TSA, GAO offer differing views of TWIC readers
The Transportation Security Administration (TSA) says the Transportation Worker Identification Credential (TWIC) continues to be one of many “security layers” protecting the nation’s port facilities and vessels.
Testifying on June 18 before the House Border and Maritime Security Subcommittee, Assistant Administrator Stephen Sadler of the TSA’s Office of Intelligence and Analysis said a TWIC reader pilot program produced “valuable information concerning the environmental, operational and fiscal impacts of the use of TWIC readers.”
“Each security layer builds upon and complements the others,” Sadler said. “TWIC is one of those layers.”
While the TSA sees TWIC as a valuable “security layer,” the Government Accountability Office (GAO) concluded in a recent report on the TWIC reader pilot program that the Department of Homeland Security (DHS) should not use an analysis of the program as a basis for developing the final TWIC reader regulation. The GAO found the test results to be “incomplete, inaccurate and unreliable.”
On hand to defend the GAO report was Stephen Lord, director of the GAO’s Forensic Audits and Investigative Service. Lord said the office identified eight areas where TWIC reader data collection, supporting documentation and recording weaknesses affected the completeness, accuracy and reliability of the pilot results.
Citing one area of concern, Lord said pilot site records did not contain complete information about the design of installed TWIC readers and access control systems.
“The data gathered during the testing were incomplete,” Lord said. “For example, 10 of 15 sites tested readers for which no record of system design characteristics was recorded. In addition, pilot reader information was identified for four pilot sites but did not identify the specific readers or associated software tested.”
Senate confirms Foxx to head DOT
American Waterways Operators congratulated Mayor Anthony Foxx of Charlotte, N.C., for winning Senate confirmation to succeed Ray LaHood as secretary of the Department of Transportation.
“AWO and its members stand ready to work with Mayor Foxx in his new role as secretary,” said Tom Allegretti, president and chief executive of the AWO. “Our industry was especially grateful to hear Mayor Foxx express his commitment to the continued integrity of the Jones Act, echoing the long-standing position of the Obama administration, as that law is foundational to the domestic maritime industry and essential to our economic and national security.”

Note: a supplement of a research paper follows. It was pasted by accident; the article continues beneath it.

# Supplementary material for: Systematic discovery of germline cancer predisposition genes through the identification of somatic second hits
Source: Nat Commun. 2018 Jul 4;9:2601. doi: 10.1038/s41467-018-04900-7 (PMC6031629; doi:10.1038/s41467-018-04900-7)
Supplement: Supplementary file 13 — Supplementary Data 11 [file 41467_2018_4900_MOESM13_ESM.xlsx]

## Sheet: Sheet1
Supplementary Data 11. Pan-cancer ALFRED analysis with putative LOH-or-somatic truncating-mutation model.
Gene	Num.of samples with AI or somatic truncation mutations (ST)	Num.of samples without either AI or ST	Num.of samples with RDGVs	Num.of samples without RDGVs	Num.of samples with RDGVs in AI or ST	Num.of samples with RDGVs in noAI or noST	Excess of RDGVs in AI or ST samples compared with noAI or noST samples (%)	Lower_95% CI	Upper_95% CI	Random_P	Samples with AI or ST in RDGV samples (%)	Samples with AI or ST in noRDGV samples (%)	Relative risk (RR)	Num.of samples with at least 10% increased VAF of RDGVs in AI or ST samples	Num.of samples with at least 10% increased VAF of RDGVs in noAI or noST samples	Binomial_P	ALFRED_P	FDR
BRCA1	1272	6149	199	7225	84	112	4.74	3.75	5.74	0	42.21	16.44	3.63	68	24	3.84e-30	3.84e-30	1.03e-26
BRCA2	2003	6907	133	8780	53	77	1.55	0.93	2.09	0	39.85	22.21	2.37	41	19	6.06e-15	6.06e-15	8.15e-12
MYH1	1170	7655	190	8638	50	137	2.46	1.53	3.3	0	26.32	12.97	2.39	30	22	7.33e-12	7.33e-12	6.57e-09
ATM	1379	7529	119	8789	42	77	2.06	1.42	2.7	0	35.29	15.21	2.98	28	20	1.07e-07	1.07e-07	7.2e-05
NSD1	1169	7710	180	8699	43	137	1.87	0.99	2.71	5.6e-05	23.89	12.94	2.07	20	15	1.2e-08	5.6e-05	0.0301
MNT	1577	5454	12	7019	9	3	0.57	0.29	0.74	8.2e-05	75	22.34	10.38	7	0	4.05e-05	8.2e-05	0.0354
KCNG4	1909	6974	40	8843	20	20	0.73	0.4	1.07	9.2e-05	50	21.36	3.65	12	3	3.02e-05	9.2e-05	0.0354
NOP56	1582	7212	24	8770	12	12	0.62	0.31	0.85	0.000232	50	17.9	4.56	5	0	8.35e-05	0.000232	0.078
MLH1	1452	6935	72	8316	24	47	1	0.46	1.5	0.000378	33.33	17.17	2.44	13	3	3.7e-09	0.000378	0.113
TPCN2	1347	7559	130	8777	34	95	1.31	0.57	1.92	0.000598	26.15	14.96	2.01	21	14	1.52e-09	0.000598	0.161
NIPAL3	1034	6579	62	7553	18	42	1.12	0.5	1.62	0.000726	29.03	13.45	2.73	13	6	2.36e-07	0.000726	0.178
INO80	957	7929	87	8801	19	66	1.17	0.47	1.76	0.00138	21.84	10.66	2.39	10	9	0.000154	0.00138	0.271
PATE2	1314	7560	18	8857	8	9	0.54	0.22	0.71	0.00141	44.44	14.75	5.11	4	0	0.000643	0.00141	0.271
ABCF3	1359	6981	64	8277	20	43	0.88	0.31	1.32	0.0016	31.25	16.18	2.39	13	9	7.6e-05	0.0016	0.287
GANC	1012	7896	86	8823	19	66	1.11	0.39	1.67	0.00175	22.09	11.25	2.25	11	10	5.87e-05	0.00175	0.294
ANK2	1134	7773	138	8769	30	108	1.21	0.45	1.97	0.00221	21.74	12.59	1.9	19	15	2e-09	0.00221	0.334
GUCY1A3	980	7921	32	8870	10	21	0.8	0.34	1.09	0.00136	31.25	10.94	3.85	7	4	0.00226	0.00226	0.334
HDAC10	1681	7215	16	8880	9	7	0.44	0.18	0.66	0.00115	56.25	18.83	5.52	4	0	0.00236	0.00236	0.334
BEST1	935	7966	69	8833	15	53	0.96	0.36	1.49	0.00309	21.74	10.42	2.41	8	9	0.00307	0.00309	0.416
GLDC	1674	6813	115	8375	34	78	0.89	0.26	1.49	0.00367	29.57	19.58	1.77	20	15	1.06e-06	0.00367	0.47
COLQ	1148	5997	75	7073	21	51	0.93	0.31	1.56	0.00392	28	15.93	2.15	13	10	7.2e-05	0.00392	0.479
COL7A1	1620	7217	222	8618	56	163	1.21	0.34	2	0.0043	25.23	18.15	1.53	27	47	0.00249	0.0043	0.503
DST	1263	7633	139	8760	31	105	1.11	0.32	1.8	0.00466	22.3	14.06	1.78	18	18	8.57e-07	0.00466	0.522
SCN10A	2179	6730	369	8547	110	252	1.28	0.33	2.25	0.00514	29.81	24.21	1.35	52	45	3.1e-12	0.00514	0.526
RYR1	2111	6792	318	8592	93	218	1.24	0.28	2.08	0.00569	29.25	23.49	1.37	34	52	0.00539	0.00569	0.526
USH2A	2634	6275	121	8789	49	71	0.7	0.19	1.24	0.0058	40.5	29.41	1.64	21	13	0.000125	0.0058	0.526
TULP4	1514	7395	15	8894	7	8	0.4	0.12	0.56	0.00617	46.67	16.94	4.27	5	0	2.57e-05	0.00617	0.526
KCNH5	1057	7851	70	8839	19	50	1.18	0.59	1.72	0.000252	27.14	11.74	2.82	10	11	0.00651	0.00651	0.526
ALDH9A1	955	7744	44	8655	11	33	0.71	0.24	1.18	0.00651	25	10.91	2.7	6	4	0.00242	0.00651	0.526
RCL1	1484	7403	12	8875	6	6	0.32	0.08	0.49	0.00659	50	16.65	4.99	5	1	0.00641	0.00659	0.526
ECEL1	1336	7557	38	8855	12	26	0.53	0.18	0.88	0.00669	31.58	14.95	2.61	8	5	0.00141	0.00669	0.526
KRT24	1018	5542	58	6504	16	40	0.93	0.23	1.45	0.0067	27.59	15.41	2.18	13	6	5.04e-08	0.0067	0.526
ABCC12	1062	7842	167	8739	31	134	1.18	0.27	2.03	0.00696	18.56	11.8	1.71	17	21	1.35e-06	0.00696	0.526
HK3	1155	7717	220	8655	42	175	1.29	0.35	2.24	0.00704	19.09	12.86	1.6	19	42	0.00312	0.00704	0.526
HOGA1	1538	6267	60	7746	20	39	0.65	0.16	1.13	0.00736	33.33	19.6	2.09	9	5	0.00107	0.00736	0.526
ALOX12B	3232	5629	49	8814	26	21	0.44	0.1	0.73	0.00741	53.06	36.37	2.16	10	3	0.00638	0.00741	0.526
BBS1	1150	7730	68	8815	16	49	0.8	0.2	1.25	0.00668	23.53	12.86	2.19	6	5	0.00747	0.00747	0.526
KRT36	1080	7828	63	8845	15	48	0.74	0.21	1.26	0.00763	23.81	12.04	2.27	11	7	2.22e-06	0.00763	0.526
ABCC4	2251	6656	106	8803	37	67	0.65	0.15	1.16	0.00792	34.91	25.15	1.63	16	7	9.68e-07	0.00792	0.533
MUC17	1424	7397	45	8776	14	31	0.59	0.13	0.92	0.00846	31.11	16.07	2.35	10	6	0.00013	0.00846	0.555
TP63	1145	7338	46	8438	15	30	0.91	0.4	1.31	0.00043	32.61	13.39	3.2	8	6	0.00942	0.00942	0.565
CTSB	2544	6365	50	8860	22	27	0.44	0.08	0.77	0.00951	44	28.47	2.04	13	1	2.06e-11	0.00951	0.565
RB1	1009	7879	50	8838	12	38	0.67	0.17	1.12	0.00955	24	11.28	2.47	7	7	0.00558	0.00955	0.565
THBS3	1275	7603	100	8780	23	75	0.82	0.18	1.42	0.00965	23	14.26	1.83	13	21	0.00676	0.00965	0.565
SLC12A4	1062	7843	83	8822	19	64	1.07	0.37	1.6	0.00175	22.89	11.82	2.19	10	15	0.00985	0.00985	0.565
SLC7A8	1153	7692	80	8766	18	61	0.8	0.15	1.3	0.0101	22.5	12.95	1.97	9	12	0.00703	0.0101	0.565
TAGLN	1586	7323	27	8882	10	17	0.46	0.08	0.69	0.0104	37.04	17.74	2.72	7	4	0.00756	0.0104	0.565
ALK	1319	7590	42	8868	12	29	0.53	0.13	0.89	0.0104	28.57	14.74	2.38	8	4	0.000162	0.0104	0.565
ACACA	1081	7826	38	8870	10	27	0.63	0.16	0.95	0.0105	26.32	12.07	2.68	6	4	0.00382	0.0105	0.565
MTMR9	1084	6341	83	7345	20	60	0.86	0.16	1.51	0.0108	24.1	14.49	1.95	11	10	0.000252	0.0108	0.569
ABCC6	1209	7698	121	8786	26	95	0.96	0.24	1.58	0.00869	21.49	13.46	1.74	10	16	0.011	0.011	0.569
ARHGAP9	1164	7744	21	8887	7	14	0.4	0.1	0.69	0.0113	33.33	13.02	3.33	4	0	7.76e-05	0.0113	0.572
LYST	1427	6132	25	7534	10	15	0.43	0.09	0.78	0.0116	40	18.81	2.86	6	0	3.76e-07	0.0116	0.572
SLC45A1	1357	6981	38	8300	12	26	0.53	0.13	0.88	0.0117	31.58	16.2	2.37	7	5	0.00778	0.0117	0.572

The Senate Commerce, Science and Transportation Committee approved the Foxx nomination on May 10 and the Senate made it final June 27.
Foxx, who turned 42 on April 30, began his political career in 2005 with his election to City Council as an at-large representative. He served two terms before being elected the youngest mayor of Charlotte in 2009.
Corps plans service reduction at Red River waterway
The Army Corps of Engineers is proposing to reduce the level of service at locks and dams on the J. Bennett Johnston Waterway (Red River).
The Corps said in a notice published June 6 that the hours of availability at Lock 3 and the Russell B. Long and Joe D. Waggonner locks will be reduced from the current schedule of 24 hours per day to 20 hours per day. The Corps said that the intended effect is to provide lock availability that matches existing lock usage. Pool levels will not be affected by the change in operating hours.
The proposed implementation date is Feb. 1, 2014. For more information, call Michael Kidby at (202) 761-0250.
First female general officer named to MRC
Brig. Gen. Margaret Burcham, commander of the Army Corps of Engineers Great Lakes and Ohio River Division, has been appointed to the Mississippi River Commission (MRC).
Burcham, the first female general officer to be appointed to the commission, took command of the GL/OR Division on Sept. 19, 2011.
AWO, Coast Guard continue towboat rider program
For the second consecutive year, cadets from the U.S. Coast Guard Academy are spending time on board tugboats and towboats as part of a program under the auspices of the Coast Guard-America Waterways Operators Safety Partnership.
The Coast Guard Academy Cadet Towing Vessel Rider Program was established in February 2012 to educate cadets about the tugboat, towboat and barge industry through a week or more of shoreside and onboard training.
This summer, AWO members Blessey Marine Services, Canal Barge Co., Foss Maritime Co., McAllister Towing and Seabulk Towing will host 11 cadets for their training experience in New Orleans, New York, Seattle and Tampa, Fla.